Hollywood is many things... but stupid is not one of them.

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Author: Neil Welch from United Kingdom
21 March 2010

*** This review may contain spoilers ***

We have become so used to films conforming to convention that it is difficult for us to take on board one which insists on not doing so.

Koyaanisqatsi is an exercise in sensory input, a free-form essay in image and sound, a dialectic on pattern and repetition, or none of these things (or all of them). What it is not is a film with any kind of narrative flow in the conventional sense, whether fictional or documentary.

It is obviously intended to carry a message, even if only by virtue of the title and its end credit translation. As Reggio suggests, it is up to the viewer what he takes from it. I didn't take any message as such (at least, none that I hadn't already taken from from elsewhere). But I was able to allow myself to be immersed in it - the often striking images, the insistent, textured music which complements and informs what you see.

There are some people who will not be open to it (my father for one) but, if you think you could accept a film which comprises images, music, and no narrative, then it is worth a visit.

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A masterpiece.

Author: Fabio Correa from Colombia
29 April 2009

I found the full Koyaanisqatsi film on Youtube's Movies section. After reading about it in IMDb, I decided to give it a try.

The film is quite impressive. There is no plot in the traditional sense, no actors, only wonderful scenarios which put together can be interpreted in many ways, just as Stanley Kubrick's "2001: A Space Odyssey." To me, this is a timeless film reflecting the way civilization has transformed man into a hurried individual who has dropped the taste of life in favor of efficiency. It gave me a fractal sensation about the earth, as an image of our very bodies.

I recommend this film to anyone looking for something to silently think while watching; its music and photography are worth admiring.

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... watch God's creation be destroyed before you even as it recreates itself...

Author: divinemediocrity from United States
21 April 2007

It's not for everyone, this production. It's kind of hokey, in a way; at the same time, it holds a poignancy that so few movies nowadays even graze... creation is by no means a new discovery, and this production aides in the demonstration of the aforementioned idea. The earth never needed any help during creation; the creative pendulum was set into motion long before man; ever swing to is succeeded by one fro. And yet humanity felt the need to "create" along-side God... in turn, it created koyaanisqatsi... a life out of balance. A sobering and eloquent comment on the physical world that surrounds us all... it would by no means hurt anything but your pride to watch this movie.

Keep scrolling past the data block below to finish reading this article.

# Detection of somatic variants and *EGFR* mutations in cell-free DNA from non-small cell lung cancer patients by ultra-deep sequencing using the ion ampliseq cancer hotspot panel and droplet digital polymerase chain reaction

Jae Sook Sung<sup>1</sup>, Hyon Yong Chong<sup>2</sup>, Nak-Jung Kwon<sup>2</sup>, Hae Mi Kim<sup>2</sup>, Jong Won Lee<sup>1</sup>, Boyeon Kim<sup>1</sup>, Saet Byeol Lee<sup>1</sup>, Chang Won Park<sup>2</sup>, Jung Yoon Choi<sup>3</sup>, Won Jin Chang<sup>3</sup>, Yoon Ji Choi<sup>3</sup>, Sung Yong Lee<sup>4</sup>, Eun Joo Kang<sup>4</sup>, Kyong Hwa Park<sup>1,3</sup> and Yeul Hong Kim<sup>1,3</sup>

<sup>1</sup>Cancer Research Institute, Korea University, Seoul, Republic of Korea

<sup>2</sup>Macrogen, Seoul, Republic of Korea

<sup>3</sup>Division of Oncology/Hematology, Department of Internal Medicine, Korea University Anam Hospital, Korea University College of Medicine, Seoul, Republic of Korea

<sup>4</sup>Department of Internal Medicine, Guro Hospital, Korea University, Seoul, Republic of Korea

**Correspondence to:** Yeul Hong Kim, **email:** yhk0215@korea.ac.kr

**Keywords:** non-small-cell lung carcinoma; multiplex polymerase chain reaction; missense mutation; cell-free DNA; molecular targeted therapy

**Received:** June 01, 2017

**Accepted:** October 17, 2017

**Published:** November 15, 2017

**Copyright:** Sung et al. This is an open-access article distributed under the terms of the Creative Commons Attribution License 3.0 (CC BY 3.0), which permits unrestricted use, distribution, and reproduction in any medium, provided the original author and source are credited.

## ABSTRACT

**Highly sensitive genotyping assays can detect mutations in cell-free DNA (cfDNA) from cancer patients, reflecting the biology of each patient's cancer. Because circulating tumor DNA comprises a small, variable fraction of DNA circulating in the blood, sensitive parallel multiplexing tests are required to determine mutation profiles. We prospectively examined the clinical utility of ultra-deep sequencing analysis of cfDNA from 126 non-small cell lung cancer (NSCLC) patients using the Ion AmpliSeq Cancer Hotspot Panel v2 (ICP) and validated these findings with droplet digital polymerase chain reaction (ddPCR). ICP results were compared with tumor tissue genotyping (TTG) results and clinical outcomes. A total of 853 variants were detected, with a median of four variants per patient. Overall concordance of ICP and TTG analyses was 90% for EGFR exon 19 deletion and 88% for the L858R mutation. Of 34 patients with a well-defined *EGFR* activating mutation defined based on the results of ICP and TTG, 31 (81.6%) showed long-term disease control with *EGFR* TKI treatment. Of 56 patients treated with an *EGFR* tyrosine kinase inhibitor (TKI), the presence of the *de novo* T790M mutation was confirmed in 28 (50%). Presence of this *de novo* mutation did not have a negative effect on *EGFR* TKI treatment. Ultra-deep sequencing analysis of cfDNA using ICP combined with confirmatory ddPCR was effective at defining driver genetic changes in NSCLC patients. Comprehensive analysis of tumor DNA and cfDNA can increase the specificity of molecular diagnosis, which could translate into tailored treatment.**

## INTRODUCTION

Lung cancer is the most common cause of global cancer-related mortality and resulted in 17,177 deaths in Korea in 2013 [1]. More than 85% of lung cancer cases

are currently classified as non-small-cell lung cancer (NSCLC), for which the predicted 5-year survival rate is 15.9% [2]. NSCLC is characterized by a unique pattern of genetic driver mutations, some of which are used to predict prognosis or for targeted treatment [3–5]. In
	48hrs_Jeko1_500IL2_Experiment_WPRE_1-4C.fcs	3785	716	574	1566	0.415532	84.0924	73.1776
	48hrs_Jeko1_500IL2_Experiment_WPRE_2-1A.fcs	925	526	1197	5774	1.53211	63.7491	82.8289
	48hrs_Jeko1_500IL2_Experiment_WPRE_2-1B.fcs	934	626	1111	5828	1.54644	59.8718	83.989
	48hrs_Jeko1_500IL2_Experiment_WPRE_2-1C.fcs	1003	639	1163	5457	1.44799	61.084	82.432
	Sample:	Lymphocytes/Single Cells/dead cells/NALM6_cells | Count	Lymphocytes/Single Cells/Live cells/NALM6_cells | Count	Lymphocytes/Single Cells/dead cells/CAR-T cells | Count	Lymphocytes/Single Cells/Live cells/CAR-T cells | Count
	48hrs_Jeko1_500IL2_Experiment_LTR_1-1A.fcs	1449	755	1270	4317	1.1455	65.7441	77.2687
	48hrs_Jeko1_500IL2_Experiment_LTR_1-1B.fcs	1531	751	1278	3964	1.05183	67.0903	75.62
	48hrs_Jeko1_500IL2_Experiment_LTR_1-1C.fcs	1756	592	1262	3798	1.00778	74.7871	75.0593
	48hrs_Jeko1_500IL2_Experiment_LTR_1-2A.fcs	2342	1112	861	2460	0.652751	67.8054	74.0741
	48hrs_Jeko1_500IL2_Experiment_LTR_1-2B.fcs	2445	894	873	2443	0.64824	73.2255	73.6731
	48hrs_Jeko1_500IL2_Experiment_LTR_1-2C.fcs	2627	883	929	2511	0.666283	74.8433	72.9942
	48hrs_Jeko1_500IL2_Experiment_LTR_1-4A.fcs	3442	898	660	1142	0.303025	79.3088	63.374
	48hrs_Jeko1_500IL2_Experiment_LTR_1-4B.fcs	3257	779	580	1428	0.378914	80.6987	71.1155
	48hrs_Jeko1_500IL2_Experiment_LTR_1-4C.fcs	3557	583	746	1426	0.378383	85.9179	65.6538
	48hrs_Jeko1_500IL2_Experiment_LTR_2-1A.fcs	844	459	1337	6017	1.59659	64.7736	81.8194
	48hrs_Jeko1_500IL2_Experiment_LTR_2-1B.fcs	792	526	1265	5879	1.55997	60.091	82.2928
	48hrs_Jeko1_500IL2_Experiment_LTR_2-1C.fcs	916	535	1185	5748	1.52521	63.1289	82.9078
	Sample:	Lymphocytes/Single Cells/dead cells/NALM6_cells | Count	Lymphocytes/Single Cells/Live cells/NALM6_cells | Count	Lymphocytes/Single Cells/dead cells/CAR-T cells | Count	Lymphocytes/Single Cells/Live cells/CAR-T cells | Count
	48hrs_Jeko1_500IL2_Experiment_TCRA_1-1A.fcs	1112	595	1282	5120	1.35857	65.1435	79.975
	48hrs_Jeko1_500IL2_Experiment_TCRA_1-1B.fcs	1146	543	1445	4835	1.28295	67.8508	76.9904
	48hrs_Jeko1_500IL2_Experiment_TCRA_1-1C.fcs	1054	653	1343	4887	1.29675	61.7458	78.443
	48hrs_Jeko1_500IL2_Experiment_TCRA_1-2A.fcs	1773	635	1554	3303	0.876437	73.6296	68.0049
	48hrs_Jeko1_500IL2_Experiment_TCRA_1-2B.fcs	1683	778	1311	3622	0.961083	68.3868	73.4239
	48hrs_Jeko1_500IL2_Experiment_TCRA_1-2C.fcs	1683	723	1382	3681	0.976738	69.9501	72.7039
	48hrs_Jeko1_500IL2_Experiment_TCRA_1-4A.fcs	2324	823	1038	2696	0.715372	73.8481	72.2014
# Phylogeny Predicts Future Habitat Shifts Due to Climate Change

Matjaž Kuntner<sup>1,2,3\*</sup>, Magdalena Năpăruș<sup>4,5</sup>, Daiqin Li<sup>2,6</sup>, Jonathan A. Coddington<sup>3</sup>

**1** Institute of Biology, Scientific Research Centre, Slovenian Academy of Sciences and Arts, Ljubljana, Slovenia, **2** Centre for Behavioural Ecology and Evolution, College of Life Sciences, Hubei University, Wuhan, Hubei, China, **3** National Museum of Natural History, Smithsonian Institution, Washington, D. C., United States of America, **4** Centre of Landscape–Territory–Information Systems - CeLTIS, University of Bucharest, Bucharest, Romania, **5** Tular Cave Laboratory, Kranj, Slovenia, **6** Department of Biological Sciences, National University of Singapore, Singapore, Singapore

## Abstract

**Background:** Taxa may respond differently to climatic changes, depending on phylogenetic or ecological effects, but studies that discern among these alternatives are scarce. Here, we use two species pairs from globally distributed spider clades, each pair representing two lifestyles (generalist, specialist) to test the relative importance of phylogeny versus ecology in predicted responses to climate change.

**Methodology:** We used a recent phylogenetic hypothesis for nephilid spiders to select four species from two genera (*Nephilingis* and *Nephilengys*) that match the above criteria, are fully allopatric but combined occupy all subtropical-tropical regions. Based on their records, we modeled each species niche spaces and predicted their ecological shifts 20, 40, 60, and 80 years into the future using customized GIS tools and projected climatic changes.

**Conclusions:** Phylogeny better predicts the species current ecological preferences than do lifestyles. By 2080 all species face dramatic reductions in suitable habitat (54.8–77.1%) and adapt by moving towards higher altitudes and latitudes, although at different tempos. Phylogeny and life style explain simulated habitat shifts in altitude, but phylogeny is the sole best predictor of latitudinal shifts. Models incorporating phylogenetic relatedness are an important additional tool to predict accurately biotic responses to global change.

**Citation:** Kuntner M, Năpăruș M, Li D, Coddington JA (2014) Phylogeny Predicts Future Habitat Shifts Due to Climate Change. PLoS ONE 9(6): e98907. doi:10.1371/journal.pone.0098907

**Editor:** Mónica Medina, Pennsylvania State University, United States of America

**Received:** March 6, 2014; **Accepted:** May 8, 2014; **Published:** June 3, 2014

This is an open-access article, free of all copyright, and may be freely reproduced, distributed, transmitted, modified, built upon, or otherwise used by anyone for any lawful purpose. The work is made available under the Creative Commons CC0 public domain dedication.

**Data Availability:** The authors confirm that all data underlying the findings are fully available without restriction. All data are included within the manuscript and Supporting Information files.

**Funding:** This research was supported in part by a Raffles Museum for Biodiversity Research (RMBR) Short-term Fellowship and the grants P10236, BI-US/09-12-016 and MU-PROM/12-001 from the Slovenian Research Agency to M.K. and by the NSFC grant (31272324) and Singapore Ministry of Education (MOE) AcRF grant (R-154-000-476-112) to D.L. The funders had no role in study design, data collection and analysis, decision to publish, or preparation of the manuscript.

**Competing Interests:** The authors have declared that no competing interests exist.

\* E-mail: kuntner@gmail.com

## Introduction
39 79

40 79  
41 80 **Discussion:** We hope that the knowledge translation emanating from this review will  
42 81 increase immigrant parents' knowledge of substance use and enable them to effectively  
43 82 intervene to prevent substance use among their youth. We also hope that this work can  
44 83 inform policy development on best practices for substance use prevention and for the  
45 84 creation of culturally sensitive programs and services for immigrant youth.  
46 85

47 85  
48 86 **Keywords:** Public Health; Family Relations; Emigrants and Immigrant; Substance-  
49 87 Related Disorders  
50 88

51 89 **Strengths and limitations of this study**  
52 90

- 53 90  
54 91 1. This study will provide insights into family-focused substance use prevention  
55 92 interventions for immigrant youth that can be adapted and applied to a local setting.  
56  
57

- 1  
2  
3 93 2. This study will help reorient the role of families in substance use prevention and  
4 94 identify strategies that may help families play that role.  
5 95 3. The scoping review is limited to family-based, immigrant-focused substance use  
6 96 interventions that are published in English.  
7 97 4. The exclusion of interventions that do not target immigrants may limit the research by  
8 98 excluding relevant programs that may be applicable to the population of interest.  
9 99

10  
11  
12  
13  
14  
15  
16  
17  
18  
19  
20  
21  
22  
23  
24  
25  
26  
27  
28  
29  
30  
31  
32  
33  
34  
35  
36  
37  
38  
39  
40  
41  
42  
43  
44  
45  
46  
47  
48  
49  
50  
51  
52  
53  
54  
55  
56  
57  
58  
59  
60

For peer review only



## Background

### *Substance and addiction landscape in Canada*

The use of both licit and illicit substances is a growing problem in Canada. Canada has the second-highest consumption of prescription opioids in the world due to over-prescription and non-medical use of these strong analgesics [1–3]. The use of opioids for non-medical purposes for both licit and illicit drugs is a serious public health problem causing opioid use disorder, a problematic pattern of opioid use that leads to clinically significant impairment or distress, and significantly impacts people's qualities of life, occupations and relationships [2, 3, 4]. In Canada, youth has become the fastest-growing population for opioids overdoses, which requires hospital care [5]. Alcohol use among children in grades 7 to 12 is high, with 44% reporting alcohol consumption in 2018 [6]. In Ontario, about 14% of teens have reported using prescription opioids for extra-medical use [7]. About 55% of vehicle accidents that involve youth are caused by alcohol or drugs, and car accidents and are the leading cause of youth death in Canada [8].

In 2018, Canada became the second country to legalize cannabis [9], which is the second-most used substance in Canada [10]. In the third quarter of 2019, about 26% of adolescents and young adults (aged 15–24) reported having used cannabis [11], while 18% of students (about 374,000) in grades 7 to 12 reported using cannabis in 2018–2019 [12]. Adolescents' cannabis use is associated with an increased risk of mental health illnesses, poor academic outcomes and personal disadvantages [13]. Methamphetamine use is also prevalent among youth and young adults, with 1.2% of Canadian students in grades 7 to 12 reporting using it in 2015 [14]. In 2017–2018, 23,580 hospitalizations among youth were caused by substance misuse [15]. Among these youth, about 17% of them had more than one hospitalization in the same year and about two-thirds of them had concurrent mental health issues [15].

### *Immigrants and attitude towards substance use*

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A transcendental movie

Author: andre mattos from Brazil
7 September 2006

This film is just too much. It's the perfect combination of art and spirituality. It's not an ecological movie, it's rather a reflection on nature's patterns and human patterns. Although one must be in the correct mood to watch it, it is a must. Once more I'd like to point out the wonderful match between music and image. Probably it is the best of the trilogy, although Naqoyqatsi is also very good. Koyaanisqatsi has it's own language, it's own syntax. The altered image speed lead to a new possibility of apprehension, a possibility for rediscovery of what we see everyday versus our origin, which is Earth. This movie is a human accomplishment!

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A visual psychology test.

Author: highkite from Canada
24 June 2006

---pronounced: koh-yah-nees-kahtsi---

This is simply an amazing art film. Though many would agree that "Koyaanisqatsi" is a general resemblance of "2001: A Space Odyssey," the movie finds that same audience but conveys a chilling message while presenting beautiful and symbolic images about the world. Beautifully directed, and simply breathtaking, "Koyaanisqatsi" sucks you into our real world and depicts a very realistic yet haunting idea about where we're going and how we're getting there.